Apart from a "right-of-way document," an "easement," an "indenture," or a "deed," the regulations do not specifically define what otherwise constitutes an eligible "other written land right" that could relieve the public utility of its obligations to clear or trim trees and other woody vegetation within its right of way. See N.J.A.C. 14:5-9.6(f). In his supplemental letter-brief submitted to us after argument, the Deputy Attorney General representing the BPU cites to no reported legislative history that sheds light on the meaning of this term, but acknowledges that the phrase "other written land right" does "not necessarily require recording or other such procedures." However, the Deputy Attorney General asserts that the BPU "did not intend for every document or letter, executed prior to January 1, 2007, which discusses vegetation management, to qualify" under the subsection (f) exemption. Rather, the BPU submits that an examination of the applicability of the exception must be made "on a case-by-case basis."

The Coalition argues that the Consent Order comprises an eligible "other written land right," even though it is not recorded as a document of title. The Coalition also points out that the Consent Order, which was issued in January 2002, predates the January 1, 2007 cutoff date specified in subsection (f)(1) of the BPU regulation. Although PSE&G disputed the Coalition's legal characterization of the Consent Order, Judge Bookbinder accepted the Coalition's position and concluded that the Consent Order did confer "some type of 'land right'[.]" However, the judge ultimately concluded that the Coalition members' asserted land rights were "trumped by public safety and [do] not fall within the exception to the BPU [r]egulations."

As a matter of law, we agree with the Coalition that the Consent Order satisfies the likely intended meaning of the term "other written land rights," as it appears in N.J.A.C. 14:5-9.6(f)(1). In reaching that reasonable conclusion, we are aided, although not bound by, the administrative agency's interpretation of the meaning of its own rule, as expressed to us through the Attorney General as the State's legal adviser. It is appropriate and customary for us to give deference to the agency's construction of its regulations promulgated under the agency's enabling statute and which the agency is charged to enforce. See Wnuck v. N.J. Div. of Motor Vehicles, 337 N.J. Super. 52, 56 (App. Div. 2001). If the regulations were intended only to cover recorded instruments of title such as deeds and easements, it could have been drafted to embrace only "other recorded land rights" rather than "other written land rights."

Moreover, the surrounding context that led to the Consent Order in 2002 reasonably indicates that the litigants expected and intended that the terms of the Consent Order specifically affected the homeowners' land rights and the future use and interpretation of the utility's recorded easement and right-ofway. For example, if one of the property owners within the Coalition sold his or her home to another person, there would have been a reasonable expectation that the homeowner's rights under the Consent Order would run with the land and be conveyed to the successor-in-title. To conclude otherwise would create a patchwork of differing rules and obligations along the right-ofway, depending upon which homes within it were conveyed and which were retained as time progressed.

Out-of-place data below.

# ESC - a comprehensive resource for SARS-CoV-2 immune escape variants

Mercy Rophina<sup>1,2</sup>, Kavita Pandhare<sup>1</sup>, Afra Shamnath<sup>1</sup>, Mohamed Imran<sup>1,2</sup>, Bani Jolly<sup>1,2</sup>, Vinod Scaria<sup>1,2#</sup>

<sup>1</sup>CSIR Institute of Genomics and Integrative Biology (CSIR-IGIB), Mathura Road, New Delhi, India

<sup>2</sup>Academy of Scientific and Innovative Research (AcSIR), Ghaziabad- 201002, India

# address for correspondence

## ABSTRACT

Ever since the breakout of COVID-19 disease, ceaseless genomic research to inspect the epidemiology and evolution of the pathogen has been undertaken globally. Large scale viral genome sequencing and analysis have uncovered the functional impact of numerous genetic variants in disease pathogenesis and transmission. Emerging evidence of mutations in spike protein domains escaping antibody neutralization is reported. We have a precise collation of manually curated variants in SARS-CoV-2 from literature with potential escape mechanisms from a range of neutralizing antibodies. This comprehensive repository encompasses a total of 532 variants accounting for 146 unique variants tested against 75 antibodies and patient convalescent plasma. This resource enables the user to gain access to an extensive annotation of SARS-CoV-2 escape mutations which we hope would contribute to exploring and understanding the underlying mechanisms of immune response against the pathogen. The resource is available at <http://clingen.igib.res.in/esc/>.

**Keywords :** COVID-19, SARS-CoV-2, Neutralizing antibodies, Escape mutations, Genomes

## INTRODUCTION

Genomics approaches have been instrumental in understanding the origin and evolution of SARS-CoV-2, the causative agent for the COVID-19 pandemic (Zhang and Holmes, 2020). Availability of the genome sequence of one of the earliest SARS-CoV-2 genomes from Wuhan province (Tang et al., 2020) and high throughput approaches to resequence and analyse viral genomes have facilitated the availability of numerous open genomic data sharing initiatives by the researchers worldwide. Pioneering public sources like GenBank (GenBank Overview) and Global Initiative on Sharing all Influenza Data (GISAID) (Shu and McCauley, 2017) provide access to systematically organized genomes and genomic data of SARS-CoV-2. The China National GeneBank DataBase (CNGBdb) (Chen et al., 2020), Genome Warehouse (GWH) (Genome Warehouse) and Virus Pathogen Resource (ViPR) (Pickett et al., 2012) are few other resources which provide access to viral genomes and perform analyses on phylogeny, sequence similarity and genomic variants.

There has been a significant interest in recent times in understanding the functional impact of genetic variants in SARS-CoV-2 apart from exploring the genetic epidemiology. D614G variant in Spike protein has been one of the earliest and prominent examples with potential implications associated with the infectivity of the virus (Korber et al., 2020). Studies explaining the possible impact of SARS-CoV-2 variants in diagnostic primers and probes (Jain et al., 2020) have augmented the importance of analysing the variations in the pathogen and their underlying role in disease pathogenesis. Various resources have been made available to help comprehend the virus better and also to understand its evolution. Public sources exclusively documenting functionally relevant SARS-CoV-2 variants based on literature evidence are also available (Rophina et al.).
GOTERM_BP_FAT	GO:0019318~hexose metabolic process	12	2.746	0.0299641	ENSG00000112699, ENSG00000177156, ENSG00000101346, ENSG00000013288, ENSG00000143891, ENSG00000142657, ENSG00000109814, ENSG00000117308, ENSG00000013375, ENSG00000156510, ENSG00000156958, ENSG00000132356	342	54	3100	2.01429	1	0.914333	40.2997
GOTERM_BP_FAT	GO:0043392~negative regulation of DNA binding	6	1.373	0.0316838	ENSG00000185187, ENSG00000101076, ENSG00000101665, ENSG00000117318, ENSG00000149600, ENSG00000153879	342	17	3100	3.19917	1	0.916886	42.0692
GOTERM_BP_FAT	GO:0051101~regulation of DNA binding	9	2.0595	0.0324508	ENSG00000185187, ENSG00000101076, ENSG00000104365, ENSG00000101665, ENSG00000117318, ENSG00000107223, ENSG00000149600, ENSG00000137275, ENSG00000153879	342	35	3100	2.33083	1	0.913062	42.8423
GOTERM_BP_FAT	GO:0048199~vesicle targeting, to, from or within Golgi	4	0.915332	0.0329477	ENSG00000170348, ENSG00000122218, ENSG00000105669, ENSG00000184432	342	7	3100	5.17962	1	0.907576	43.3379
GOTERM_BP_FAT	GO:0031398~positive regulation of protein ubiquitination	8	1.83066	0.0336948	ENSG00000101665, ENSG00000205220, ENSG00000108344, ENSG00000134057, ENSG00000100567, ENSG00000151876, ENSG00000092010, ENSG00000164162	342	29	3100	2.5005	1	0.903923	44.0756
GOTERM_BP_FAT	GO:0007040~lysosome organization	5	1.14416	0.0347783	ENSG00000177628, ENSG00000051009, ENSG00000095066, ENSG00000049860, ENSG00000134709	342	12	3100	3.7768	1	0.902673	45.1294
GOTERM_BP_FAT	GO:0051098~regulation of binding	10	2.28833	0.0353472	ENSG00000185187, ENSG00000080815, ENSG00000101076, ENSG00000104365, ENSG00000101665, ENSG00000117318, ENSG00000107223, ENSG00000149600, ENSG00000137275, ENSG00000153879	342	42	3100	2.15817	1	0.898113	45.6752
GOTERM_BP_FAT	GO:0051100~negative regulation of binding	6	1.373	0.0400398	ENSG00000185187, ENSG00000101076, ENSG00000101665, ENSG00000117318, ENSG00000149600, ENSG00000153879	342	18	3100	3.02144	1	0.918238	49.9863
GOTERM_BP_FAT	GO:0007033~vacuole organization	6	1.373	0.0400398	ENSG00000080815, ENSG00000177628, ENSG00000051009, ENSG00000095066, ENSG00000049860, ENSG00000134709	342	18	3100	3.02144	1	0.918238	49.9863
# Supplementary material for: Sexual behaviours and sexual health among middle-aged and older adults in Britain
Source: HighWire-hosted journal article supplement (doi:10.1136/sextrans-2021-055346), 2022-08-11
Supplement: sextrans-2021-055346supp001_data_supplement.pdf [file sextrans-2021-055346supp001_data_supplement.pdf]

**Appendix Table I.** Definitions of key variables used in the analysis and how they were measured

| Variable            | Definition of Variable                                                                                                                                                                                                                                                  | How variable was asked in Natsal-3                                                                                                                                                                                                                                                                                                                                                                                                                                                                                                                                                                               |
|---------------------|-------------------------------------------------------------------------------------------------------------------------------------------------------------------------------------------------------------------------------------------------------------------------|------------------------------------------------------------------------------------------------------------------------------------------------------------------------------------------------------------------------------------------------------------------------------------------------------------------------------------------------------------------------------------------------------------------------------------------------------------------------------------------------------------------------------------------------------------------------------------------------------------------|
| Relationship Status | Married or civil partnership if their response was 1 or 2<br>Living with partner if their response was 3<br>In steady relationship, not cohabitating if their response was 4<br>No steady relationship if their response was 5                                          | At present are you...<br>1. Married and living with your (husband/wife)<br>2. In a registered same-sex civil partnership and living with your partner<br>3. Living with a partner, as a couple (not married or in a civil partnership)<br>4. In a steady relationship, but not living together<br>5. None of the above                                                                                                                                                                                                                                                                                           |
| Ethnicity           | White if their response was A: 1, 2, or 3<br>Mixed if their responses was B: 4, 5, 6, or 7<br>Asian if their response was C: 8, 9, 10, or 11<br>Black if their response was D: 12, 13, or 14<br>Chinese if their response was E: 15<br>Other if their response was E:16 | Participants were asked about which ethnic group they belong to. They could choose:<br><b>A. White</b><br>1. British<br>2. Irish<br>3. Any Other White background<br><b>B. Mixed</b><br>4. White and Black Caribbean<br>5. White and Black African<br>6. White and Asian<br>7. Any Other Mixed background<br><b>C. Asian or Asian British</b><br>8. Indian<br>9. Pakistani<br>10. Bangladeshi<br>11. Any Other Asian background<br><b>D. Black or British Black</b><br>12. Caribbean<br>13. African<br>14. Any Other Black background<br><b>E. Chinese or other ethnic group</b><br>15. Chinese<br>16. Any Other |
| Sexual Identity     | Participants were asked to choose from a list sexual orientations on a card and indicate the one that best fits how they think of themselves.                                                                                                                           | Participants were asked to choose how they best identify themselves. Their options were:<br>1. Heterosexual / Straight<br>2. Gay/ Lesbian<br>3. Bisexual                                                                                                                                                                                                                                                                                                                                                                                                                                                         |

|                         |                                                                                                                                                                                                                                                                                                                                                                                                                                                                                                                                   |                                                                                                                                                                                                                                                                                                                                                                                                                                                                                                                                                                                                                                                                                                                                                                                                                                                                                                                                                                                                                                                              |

In Boss, supra, the Supreme Court articulated the judiciary's proper rule in determining such legal issues in a utility's vegetation-trimming context. The public utility in that case, Rockland Electric Company ("Rockland"), sought to conduct a "selective removal" program to clear its easement of any trees that had the capacity to grow to the height of Rockland's transmission wires. Boss, supra, 95 N.J. at 36. Rockland acquired its easement in 1927, before the land was developed. Years later, the land was subdivided and the plaintiffs in Boss bought plots containing single-family homes, subject to the easement. Id. at 36-37. At the time the plaintiffs bought their homes, the easement area contained "trees, shrubbery and underbrush[.]" Id. at 37. When Rockland started to pursue its trimming program, the homeowners sought an injunction, contending that the easements did not authorize that activity. Meanwhile, Rockland relied upon BPU regulations that it contended authorized the trimming and cutting, in order to ensure safe continued electric service. The dispute thus raised the question of whether the BPU, as the relevant administrative agency, should exercise primary jurisdiction over the matter, or whether the matter instead should be resolved in the courts. Ibid.

The Court held in Boss that, while the BPU had primary jurisdiction to make factual determinations within its regulatory purview, the legal issue of whether the easements did or did not authorize the utility's tree trimming activities was a legal question for the court. Id. at 41-42. Exercising that authority to resolve the legal issue, the Court "determined as a matter of law that selective removal of certain trees is within the contemplation of the easement language." Id. at 42. Having done so, the Court remanded the matter to the trial court "for reference of the factual issues to the [BPU]." Ibid. That disposition recognized the "Board's expertise" with such factual issues. Ibid. The Court further instructed:

Courts should be sensitive to purported legal claims that are really regulatory issues and should be referred to the agency.